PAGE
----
868 as a way of giving some rules priority over others. One could argue 

869 that @{text "(\<or>E)"} is unsafe, because repeated application of it 

870 could generate exponentially many subgoals. Induction rules are 

871 unsafe because inductive proofs are difficult to set up 

872 automatically. Any inference is unsafe that instantiates an unknown 

873 in the proof state  thus matching must be used, rather than 

874 unification. Even proof by assumption is unsafe if it instantiates 

875 unknowns shared with other subgoals. 

876 

877 \begin{matharray}{rcl} 

878 @{command_def "print_claset"}@{text "\<^sup>*"} & : & @{text "context \<rightarrow>"} \\ 

879 @{attribute_def intro} & : & @{text attribute} \\ 

880 @{attribute_def elim} & : & @{text attribute} \\ 

881 @{attribute_def dest} & : & @{text attribute} \\ 

882 @{attribute_def rule} & : & @{text attribute} \\ 

883 @{attribute_def iff} & : & @{text attribute} \\ 

884 @{attribute_def swapped} & : & @{text attribute} \\ 

885 \end{matharray} 

886 

887 @{rail " 

888 (@@{attribute intro}  @@{attribute elim}  @@{attribute dest}) ('!'  ()  '?') @{syntax nat}? 

889 ; 

890 @@{attribute rule} 'del' 

891 ; 

892 @@{attribute iff} (((()  'add') '?'?)  'del') 

893 "} 

894 

895 \begin{description} 

896 

897 \item @{command "print_claset"} prints the collection of rules 

898 declared to the Classical Reasoner, i.e.\ the @{ML_type claset} 

899 within the context. 

900 

901 \item @{attribute intro}, @{attribute elim}, and @{attribute dest} 

902 declare introduction, elimination, and destruction rules, 

903 respectively. By default, rules are considered as \emph{unsafe} 

904 (i.e.\ not applied blindly without backtracking), while ``@{text 

905 "!"}'' classifies as \emph{safe}. Rule declarations marked by 

906 ``@{text "?"}'' coincide with those of Isabelle/Pure, cf.\ 

907 \secref{sec:puremethatt} (i.e.\ are only applied in single steps 

908 of the @{method rule} method). The optional natural number 

909 specifies an explicit weight argument, which is ignored by the 

910 automated reasoning tools, but determines the search order of single 

911 rule steps.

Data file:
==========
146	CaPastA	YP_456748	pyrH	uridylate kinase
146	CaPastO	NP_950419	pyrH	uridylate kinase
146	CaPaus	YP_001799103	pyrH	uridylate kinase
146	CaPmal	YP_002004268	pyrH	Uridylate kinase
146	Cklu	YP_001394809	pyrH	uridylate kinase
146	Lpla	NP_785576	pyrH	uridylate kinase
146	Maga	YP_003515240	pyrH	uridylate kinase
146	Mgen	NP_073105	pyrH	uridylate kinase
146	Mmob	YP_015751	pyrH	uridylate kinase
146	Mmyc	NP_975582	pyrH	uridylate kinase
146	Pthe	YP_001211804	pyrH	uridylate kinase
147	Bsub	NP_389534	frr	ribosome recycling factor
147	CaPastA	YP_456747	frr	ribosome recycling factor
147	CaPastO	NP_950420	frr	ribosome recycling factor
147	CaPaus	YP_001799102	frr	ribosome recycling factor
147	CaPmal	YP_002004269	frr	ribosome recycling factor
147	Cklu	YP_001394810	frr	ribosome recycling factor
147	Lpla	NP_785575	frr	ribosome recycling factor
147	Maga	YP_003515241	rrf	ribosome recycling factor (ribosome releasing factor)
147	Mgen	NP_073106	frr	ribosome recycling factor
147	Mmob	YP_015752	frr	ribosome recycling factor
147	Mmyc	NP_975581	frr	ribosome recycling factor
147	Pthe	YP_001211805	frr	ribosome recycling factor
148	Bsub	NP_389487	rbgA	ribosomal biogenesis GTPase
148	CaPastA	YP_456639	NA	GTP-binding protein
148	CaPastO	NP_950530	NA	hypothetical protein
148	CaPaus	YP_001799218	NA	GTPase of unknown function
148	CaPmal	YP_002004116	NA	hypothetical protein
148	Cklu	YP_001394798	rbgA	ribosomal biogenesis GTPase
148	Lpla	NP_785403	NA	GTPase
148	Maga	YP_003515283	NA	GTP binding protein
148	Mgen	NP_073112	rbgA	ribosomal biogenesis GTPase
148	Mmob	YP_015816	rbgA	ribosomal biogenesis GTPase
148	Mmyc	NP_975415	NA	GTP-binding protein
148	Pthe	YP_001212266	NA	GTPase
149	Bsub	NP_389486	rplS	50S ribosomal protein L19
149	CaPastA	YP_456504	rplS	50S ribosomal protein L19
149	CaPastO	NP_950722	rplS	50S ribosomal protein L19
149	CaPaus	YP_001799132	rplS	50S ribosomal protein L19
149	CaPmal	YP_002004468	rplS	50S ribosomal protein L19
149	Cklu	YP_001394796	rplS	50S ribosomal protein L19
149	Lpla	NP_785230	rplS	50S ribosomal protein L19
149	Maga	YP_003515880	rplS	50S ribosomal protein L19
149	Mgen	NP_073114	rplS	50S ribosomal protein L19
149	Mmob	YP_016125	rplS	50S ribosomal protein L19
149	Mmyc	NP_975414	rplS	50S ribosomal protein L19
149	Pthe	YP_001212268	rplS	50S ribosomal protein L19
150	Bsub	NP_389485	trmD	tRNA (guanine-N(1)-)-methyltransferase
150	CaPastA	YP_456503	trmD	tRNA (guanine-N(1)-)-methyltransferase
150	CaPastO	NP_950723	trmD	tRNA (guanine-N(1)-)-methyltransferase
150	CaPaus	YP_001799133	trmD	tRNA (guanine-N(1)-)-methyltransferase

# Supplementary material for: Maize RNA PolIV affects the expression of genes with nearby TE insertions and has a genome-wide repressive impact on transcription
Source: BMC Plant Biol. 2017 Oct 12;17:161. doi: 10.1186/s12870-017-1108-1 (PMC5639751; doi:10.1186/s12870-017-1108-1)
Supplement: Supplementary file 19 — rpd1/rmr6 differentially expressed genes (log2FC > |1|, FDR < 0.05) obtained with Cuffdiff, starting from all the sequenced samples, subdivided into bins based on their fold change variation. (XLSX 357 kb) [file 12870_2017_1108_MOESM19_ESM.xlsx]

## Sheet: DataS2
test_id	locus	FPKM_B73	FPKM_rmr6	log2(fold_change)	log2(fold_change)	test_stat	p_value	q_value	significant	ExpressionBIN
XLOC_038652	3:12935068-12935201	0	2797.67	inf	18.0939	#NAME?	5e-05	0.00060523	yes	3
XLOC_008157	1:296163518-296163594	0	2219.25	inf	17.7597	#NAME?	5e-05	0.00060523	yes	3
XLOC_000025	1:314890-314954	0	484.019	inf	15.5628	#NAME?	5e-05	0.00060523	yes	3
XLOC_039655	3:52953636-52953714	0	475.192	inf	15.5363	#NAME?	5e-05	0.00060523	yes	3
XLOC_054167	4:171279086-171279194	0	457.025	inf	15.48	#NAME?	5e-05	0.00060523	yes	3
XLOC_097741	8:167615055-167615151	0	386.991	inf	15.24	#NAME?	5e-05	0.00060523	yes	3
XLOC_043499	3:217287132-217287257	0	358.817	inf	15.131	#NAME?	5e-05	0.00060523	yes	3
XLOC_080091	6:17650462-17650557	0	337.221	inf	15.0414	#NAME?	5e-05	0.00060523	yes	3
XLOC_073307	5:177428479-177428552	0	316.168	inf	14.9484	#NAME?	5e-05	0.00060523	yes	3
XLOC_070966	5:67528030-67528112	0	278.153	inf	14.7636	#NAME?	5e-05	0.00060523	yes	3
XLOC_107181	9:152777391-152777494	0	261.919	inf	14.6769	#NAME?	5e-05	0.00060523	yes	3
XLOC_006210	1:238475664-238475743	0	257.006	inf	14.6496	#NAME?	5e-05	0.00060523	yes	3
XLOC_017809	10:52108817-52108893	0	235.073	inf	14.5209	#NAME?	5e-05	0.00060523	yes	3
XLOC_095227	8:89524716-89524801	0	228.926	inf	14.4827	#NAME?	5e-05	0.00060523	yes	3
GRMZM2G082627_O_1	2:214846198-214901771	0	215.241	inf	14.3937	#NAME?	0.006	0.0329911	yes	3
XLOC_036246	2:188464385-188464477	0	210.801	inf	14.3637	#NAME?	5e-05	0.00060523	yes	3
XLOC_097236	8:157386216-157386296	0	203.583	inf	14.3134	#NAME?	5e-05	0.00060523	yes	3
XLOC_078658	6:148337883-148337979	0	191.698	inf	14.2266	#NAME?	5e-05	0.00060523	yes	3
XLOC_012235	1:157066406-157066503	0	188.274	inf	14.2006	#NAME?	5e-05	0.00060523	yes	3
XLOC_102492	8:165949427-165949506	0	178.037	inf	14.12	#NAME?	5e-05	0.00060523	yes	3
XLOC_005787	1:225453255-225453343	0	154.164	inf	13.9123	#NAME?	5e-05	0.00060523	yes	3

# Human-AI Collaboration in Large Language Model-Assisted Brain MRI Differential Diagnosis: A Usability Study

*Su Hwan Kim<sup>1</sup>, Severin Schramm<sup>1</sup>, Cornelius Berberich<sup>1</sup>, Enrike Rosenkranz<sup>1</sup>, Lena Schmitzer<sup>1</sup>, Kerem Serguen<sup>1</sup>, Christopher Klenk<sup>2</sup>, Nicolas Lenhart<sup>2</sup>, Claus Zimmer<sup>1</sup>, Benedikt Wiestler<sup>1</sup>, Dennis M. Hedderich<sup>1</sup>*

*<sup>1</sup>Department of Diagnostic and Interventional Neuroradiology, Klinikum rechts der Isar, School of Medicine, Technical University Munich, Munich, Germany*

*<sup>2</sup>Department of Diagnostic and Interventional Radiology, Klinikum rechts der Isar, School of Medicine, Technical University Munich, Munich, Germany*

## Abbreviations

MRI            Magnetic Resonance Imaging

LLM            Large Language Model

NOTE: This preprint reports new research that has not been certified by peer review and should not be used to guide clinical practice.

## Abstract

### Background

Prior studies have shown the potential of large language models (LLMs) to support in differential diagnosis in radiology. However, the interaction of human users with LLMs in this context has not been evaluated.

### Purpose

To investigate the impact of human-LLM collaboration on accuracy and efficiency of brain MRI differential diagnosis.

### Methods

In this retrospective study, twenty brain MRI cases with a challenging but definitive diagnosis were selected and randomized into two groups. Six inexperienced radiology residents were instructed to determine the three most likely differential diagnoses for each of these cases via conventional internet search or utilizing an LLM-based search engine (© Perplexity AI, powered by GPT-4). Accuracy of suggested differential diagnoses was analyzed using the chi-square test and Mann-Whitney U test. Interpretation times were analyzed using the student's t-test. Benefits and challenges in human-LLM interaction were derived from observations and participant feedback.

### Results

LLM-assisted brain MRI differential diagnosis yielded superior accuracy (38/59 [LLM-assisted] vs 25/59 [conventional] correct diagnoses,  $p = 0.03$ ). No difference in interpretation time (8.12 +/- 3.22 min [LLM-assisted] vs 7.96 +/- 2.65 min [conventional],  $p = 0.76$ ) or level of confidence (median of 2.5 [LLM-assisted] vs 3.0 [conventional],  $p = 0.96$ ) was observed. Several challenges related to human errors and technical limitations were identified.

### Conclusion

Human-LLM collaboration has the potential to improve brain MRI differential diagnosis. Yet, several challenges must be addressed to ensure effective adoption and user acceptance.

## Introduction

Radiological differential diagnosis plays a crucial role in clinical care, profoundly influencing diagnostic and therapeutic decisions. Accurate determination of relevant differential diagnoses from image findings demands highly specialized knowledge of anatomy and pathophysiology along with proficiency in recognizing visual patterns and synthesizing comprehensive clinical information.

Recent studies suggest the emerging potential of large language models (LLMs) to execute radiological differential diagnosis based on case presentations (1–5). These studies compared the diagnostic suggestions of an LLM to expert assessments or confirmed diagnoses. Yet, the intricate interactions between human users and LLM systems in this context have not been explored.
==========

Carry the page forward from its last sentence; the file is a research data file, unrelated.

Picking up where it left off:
912 

913 Introduction rules are those that can be applied using ordinary 

914 resolution. Their swapped forms are generated internally, which 

915 will be applied using elimresolution. Elimination rules are 

916 applied using elimresolution. Rules are sorted by the number of 

917 new subgoals they will yield; rules that generate the fewest 

918 subgoals will be tried first. Otherwise, later declarations take 

919 precedence over earlier ones. 

920 

921 Rules already present in the context with the same classification 

922 are ignored. A warning is printed if the rule has already been 

923 added with some other classification, but the rule is added anyway 

924 as requested. 

925 

926 \item @{attribute rule}~@{text del} deletes all occurrences of a 

927 rule from the classical context, regardless of its classification as 

928 introduction~/ elimination~/ destruction and safe~/ unsafe. 

929 

930 \item @{attribute iff} declares logical equivalences to the 

931 Simplifier and the Classical reasoner at the same time. 

932 Nonconditional rules result in a safe introduction and elimination 

933 pair; conditional ones are considered unsafe. Rules with negative 

934 conclusion are automatically inverted (using @{text "\<not>"}elimination 

935 internally). 

936 

937 The ``@{text "?"}'' version of @{attribute iff} declares rules to 

938 the Isabelle/Pure context only, and omits the Simplifier 

939 declaration. 

940 

941 \item @{attribute swapped} turns an introduction rule into an 

942 elimination, by resolving with the classical swap principle @{text 

943 "\<not> P \<Longrightarrow> (\<not> R \<Longrightarrow> P) \<Longrightarrow> R"} in the second position. This is mainly for 

944 illustrative purposes: the Classical Reasoner already swaps rules 

945 internally as explained above. 

946 

947 \end{description} 

948 *} 

949 

950 

951 subsection {* Structured methods *} 

952 

953 text {* 

954 \begin{matharray}{rcl} 

955 @{method_def rule} & : & @{text method} \\ 

956 @{method_def contradiction} & : & @{text method} \\ 

957 \end{matharray} 

958 

959 @{rail " 

960 @@{method rule} @{syntax thmrefs}? 

961 "} 

962 

963 \begin{description} 

964 

965 \item @{method rule} as offered by the Classical Reasoner is a 

966 refinement over the Pure one (see \secref{sec:puremethatt}). Both 

967 versions work the same, but the classical version observes the 

968 classical rule context in addition to that of Isabelle/Pure. 

969 

970 Common object logics (HOL, ZF, etc.) declare a rich collection of